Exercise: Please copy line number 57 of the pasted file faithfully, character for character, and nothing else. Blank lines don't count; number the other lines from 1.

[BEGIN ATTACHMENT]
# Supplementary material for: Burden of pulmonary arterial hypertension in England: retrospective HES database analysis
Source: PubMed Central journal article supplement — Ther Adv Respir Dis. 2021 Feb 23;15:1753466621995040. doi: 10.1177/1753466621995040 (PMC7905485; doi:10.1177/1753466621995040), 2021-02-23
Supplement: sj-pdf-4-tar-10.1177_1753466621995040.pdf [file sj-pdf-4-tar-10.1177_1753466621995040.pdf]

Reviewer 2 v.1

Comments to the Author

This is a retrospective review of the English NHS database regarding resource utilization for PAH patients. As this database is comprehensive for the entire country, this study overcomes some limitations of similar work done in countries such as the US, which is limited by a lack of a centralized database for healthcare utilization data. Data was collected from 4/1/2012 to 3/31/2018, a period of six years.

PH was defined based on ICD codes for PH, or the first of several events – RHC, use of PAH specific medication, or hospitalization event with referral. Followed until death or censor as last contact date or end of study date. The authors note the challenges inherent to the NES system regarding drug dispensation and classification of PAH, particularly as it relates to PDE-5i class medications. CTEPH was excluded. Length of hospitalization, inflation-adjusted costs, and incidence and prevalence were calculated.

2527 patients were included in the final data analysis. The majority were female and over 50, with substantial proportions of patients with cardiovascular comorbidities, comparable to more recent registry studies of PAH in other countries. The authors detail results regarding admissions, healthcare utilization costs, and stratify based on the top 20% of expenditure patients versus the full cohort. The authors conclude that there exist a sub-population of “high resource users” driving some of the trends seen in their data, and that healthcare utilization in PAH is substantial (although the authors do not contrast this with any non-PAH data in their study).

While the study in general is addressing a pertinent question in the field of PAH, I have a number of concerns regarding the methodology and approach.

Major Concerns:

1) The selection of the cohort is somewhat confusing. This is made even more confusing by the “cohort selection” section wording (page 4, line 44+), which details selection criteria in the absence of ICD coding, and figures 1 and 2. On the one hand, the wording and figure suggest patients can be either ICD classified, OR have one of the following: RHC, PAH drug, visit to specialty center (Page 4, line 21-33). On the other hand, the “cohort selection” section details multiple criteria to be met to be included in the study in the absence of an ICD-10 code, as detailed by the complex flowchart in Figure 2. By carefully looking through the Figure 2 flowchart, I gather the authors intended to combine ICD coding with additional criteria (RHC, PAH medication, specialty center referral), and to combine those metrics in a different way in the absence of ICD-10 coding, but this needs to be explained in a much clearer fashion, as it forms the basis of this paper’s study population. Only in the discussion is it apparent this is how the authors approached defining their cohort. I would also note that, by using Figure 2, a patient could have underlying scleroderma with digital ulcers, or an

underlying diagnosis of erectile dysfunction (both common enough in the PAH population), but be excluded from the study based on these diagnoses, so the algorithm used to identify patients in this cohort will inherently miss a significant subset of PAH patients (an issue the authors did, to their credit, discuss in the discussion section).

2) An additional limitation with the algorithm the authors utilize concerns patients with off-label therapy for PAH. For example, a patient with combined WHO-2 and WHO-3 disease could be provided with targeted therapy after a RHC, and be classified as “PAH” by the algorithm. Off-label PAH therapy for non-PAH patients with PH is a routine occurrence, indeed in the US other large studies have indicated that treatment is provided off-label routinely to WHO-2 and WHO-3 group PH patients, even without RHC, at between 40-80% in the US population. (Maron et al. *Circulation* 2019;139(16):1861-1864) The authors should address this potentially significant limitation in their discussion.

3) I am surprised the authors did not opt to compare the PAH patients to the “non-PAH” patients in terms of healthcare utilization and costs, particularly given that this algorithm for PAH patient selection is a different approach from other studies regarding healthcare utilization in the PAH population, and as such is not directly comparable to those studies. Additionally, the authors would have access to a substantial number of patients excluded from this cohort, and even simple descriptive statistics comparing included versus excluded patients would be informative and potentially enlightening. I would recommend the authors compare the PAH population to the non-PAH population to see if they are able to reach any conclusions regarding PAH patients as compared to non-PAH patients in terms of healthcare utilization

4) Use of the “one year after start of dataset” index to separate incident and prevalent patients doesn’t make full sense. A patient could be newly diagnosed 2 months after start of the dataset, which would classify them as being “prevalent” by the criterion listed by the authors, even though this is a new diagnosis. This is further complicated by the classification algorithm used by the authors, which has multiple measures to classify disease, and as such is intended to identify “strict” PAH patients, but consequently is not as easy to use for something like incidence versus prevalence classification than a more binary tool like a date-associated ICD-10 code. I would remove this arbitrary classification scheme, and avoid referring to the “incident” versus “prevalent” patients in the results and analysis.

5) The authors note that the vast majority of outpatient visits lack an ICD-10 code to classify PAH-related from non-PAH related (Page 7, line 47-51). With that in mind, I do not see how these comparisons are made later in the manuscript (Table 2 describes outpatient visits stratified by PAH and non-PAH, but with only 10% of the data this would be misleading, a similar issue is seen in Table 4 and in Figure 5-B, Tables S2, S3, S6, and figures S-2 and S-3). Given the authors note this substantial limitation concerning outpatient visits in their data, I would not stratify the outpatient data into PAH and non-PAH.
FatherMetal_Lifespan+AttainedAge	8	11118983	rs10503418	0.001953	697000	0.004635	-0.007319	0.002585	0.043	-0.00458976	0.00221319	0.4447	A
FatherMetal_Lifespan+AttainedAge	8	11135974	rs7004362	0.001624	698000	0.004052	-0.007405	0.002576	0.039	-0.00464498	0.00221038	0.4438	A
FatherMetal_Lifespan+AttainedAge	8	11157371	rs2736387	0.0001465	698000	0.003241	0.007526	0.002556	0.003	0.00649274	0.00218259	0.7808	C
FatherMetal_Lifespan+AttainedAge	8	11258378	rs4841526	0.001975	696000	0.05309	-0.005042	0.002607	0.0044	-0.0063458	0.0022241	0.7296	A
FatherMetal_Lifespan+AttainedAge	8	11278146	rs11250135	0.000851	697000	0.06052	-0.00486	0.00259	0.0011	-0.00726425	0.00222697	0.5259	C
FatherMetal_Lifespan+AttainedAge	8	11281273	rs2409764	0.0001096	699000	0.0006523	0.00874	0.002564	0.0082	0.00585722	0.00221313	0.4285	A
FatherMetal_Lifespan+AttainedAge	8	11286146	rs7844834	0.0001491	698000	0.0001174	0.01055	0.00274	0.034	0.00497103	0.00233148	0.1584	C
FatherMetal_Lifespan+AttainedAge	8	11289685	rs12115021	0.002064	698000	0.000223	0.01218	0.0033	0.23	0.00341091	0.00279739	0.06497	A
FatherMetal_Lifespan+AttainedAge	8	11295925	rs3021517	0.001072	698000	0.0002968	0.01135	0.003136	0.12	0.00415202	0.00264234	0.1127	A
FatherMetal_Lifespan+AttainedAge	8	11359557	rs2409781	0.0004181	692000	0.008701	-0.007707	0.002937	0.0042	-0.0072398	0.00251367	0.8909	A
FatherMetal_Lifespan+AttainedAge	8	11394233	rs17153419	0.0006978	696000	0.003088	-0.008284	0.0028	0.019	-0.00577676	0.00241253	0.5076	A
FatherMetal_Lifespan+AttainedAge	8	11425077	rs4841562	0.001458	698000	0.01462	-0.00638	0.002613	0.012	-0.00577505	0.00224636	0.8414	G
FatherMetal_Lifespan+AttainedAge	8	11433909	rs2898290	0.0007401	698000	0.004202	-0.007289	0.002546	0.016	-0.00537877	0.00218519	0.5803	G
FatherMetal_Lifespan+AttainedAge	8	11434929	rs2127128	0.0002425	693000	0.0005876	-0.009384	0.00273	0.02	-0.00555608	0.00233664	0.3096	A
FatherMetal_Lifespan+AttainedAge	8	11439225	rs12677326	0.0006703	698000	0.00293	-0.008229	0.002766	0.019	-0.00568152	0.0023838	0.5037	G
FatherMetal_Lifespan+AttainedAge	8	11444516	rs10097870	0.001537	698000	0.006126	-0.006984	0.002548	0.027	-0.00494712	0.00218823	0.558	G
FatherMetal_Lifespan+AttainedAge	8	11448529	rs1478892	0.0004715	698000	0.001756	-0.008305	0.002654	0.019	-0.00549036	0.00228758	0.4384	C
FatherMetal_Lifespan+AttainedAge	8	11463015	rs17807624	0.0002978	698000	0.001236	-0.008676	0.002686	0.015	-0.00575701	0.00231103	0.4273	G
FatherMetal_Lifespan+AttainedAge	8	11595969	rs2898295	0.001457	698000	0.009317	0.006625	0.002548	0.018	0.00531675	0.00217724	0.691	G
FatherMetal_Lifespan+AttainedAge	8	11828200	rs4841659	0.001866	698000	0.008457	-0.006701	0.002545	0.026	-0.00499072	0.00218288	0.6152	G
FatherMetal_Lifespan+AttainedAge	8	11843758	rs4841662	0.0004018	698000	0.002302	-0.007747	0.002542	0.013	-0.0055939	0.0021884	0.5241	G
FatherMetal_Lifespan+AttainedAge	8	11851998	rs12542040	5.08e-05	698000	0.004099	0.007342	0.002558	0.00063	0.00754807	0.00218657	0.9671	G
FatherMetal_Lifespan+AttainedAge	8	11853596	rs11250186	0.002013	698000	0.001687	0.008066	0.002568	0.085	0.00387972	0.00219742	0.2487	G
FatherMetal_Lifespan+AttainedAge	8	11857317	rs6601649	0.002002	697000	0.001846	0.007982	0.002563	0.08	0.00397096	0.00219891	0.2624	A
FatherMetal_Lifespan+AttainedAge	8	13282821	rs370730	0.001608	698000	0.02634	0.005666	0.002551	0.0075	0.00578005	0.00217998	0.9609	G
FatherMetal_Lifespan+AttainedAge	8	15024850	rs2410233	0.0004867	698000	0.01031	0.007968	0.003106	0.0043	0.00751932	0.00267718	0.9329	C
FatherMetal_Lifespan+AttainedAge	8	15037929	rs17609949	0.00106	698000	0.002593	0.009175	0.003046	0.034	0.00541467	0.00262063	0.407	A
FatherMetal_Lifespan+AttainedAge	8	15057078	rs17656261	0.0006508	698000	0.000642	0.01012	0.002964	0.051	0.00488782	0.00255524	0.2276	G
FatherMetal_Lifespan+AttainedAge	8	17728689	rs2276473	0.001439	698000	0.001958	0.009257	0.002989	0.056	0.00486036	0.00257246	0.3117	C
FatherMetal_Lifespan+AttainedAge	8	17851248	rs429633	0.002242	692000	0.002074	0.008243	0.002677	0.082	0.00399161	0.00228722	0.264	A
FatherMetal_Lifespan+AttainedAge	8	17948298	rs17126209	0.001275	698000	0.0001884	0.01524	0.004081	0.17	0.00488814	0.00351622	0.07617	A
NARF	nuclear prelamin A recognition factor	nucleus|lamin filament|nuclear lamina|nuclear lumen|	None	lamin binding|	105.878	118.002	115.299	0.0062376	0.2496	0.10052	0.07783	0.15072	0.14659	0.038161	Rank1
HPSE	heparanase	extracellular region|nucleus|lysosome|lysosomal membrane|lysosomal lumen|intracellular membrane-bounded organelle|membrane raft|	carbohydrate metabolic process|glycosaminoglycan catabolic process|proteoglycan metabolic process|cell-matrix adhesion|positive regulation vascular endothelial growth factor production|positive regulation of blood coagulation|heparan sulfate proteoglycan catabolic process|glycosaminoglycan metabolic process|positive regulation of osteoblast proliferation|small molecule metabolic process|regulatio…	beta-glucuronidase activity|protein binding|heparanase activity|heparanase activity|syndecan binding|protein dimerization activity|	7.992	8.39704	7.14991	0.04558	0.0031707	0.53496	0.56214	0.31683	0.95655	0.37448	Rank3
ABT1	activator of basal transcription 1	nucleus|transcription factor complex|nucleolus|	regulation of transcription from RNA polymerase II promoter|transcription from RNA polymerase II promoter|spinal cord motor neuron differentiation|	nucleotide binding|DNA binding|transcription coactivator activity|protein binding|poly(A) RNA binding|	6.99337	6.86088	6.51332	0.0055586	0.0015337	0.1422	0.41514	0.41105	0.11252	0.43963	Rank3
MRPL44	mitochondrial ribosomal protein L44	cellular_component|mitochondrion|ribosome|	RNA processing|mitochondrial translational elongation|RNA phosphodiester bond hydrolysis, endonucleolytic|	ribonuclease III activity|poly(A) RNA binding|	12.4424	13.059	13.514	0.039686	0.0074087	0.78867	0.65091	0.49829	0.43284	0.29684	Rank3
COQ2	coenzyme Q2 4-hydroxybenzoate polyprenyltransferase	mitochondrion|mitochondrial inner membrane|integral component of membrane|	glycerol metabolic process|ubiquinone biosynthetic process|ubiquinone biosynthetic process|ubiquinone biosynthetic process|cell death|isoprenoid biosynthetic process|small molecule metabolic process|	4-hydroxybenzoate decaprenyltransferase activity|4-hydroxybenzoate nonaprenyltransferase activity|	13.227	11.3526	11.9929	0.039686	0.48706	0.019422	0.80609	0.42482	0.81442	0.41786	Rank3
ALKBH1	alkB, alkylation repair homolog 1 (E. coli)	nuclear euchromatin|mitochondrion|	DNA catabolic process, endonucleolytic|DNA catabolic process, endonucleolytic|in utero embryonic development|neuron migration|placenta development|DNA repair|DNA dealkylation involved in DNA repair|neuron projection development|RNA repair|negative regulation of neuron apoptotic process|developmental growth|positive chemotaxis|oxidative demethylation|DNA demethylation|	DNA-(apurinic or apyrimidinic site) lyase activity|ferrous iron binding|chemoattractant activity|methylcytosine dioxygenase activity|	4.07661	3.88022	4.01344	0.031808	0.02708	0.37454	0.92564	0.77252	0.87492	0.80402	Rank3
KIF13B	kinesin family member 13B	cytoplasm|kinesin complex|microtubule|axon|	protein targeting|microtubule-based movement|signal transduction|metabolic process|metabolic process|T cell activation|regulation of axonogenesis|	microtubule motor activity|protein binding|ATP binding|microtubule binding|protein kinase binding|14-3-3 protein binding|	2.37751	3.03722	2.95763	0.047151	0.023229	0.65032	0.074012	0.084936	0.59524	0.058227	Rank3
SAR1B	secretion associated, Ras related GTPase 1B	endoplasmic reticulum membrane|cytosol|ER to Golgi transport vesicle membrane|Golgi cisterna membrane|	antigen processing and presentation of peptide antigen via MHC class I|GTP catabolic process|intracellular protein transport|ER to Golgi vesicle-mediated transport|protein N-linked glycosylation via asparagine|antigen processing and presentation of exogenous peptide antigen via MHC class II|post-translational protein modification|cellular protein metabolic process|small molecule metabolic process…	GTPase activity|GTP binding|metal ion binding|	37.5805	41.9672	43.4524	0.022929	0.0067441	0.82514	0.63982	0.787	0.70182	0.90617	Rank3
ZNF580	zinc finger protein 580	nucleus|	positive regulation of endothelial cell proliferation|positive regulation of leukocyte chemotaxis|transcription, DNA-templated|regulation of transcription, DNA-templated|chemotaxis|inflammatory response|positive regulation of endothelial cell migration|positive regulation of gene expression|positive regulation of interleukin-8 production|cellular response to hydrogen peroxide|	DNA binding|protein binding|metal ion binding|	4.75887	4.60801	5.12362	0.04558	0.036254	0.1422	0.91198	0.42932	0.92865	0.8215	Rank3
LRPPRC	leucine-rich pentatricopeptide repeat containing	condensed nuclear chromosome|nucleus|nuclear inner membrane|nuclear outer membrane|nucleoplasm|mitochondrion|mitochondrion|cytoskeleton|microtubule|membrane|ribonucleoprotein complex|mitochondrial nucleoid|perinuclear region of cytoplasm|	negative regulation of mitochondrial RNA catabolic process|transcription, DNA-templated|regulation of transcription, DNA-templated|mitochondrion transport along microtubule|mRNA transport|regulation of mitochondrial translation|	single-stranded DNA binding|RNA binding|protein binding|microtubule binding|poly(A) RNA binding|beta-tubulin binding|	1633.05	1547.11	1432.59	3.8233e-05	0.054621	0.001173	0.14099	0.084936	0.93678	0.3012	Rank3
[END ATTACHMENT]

LRPPRC	leucine-rich pentatricopeptide repeat containing	condensed nuclear chromosome|nucleus|nuclear inner membrane|nuclear outer membrane|nucleoplasm|mitochondrion|mitochondrion|cytoskeleton|microtubule|membrane|ribonucleoprotein complex|mitochondrial nucleoid|perinuclear region of cytoplasm|	negative regulation of mitochondrial RNA catabolic process|transcription, DNA-templated|regulation of transcription, DNA-templated|mitochondrion transport along microtubule|mRNA transport|regulation of mitochondrial translation|	single-stranded DNA binding|RNA binding|protein binding|microtubule binding|poly(A) RNA binding|beta-tubulin binding|	1633.05	1547.11	1432.59	3.8233e-05	0.054621	0.001173	0.14099	0.084936	0.93678	0.3012	Rank3